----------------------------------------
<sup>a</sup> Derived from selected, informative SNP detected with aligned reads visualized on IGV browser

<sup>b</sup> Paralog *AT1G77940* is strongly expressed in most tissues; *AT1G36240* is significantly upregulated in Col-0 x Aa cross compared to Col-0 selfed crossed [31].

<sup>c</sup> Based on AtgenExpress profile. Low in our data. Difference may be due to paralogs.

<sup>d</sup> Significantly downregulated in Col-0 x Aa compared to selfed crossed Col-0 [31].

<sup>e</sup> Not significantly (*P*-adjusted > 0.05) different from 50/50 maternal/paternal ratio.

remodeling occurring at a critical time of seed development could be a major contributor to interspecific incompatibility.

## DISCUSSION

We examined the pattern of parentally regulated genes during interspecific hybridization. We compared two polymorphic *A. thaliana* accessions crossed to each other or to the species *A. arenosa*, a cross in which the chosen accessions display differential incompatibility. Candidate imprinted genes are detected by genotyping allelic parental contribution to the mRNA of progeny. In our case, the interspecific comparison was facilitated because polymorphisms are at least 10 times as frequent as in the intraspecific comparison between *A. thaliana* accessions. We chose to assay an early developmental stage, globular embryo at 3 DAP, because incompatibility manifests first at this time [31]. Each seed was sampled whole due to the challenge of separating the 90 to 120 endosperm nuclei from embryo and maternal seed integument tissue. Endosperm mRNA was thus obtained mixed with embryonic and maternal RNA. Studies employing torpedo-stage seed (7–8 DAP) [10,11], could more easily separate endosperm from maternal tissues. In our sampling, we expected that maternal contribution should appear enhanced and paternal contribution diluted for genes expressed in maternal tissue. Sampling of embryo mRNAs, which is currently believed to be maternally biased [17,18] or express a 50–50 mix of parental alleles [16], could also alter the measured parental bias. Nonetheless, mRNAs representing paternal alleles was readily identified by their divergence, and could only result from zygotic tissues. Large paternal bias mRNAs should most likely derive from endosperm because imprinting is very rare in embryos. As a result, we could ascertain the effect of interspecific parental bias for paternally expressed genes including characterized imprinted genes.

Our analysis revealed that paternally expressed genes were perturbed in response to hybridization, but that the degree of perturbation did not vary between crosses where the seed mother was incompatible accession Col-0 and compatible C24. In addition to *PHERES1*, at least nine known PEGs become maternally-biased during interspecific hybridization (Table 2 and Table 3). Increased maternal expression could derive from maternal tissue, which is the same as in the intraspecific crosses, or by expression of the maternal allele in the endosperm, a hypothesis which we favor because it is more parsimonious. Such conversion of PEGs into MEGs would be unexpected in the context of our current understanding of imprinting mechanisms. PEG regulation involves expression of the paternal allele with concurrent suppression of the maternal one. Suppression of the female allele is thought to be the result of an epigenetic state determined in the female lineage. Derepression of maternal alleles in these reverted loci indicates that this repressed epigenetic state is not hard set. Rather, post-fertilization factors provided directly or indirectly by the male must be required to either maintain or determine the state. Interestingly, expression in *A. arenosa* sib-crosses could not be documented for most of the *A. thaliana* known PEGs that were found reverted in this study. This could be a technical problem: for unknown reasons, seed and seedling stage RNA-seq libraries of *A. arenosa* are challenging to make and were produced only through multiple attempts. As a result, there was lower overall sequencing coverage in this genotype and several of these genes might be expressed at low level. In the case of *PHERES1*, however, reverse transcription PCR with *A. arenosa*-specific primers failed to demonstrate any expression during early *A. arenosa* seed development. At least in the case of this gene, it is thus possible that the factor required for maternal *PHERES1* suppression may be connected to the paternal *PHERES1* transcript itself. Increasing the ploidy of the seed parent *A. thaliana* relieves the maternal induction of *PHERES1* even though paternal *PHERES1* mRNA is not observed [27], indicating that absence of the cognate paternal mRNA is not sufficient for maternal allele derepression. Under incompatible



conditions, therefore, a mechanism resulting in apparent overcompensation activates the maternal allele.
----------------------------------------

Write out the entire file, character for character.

<sup>a</sup> Derived from selected, informative SNP detected with aligned reads visualized on IGV browser

<sup>b</sup> Paralog *AT1G77940* is strongly expressed in most tissues; *AT1G36240* is significantly upregulated in Col-0 x Aa cross compared to Col-0 selfed crossed [31].

<sup>c</sup> Based on AtgenExpress profile. Low in our data. Difference may be due to paralogs.

<sup>d</sup> Significantly downregulated in Col-0 x Aa compared to selfed crossed Col-0 [31].

<sup>e</sup> Not significantly (*P*-adjusted > 0.05) different from 50/50 maternal/paternal ratio.

remodeling occurring at a critical time of seed development could be a major contributor to interspecific incompatibility.

## DISCUSSION

We examined the pattern of parentally regulated genes during interspecific hybridization. We compared two polymorphic *A. thaliana* accessions crossed to each other or to the species *A. arenosa*, a cross in which the chosen accessions display differential incompatibility. Candidate imprinted genes are detected by genotyping allelic parental contribution to the mRNA of progeny. In our case, the interspecific comparison was facilitated because polymorphisms are at least 10 times as frequent as in the intraspecific comparison between *A. thaliana* accessions. We chose to assay an early developmental stage, globular embryo at 3 DAP, because incompatibility manifests first at this time [31]. Each seed was sampled whole due to the challenge of separating the 90 to 120 endosperm nuclei from embryo and maternal seed integument tissue. Endosperm mRNA was thus obtained mixed with embryonic and maternal RNA. Studies employing torpedo-stage seed (7–8 DAP) [10,11], could more easily separate endosperm from maternal tissues. In our sampling, we expected that maternal contribution should appear enhanced and paternal contribution diluted for genes expressed in maternal tissue. Sampling of embryo mRNAs, which is currently believed to be maternally biased [17,18] or express a 50–50 mix of parental alleles [16], could also alter the measured parental bias. Nonetheless, mRNAs representing paternal alleles was readily identified by their divergence, and could only result from zygotic tissues. Large paternal bias mRNAs should most likely derive from endosperm because imprinting is very rare in embryos. As a result, we could ascertain the effect of interspecific parental bias for paternally expressed genes including characterized imprinted genes.

Our analysis revealed that paternally expressed genes were perturbed in response to hybridization, but that the degree of perturbation did not vary between crosses where the seed mother was incompatible accession Col-0 and compatible C24. In addition to *PHERES1*, at least nine known PEGs become maternally-biased during interspecific hybridization (Table 2 and Table 3). Increased maternal expression could derive from maternal tissue, which is the same as in the intraspecific crosses, or by expression of the maternal allele in the endosperm, a hypothesis which we favor because it is more parsimonious. Such conversion of PEGs into MEGs would be unexpected in the context of our current understanding of imprinting mechanisms. PEG regulation involves expression of the paternal allele with concurrent suppression of the maternal one. Suppression of the female allele is thought to be the result of an epigenetic state determined in the female lineage. Derepression of maternal alleles in these reverted loci indicates that this repressed epigenetic state is not hard set. Rather, post-fertilization factors provided directly or indirectly by the male must be required to either maintain or determine the state. Interestingly, expression in *A. arenosa* sib-crosses could not be documented for most of the *A. thaliana* known PEGs that were found reverted in this study. This could be a technical problem: for unknown reasons, seed and seedling stage RNA-seq libraries of *A. arenosa* are challenging to make and were produced only through multiple attempts. As a result, there was lower overall sequencing coverage in this genotype and several of these genes might be expressed at low level. In the case of *PHERES1*, however, reverse transcription PCR with *A. arenosa*-specific primers failed to demonstrate any expression during early *A. arenosa* seed development. At least in the case of this gene, it is thus possible that the factor required for maternal *PHERES1* suppression may be connected to the paternal *PHERES1* transcript itself. Increasing the ploidy of the seed parent *A. thaliana* relieves the maternal induction of *PHERES1* even though paternal *PHERES1* mRNA is not observed [27], indicating that absence of the cognate paternal mRNA is not sufficient for maternal allele derepression. Under incompatible



conditions, therefore, a mechanism resulting in apparent overcompensation activates the maternal allele.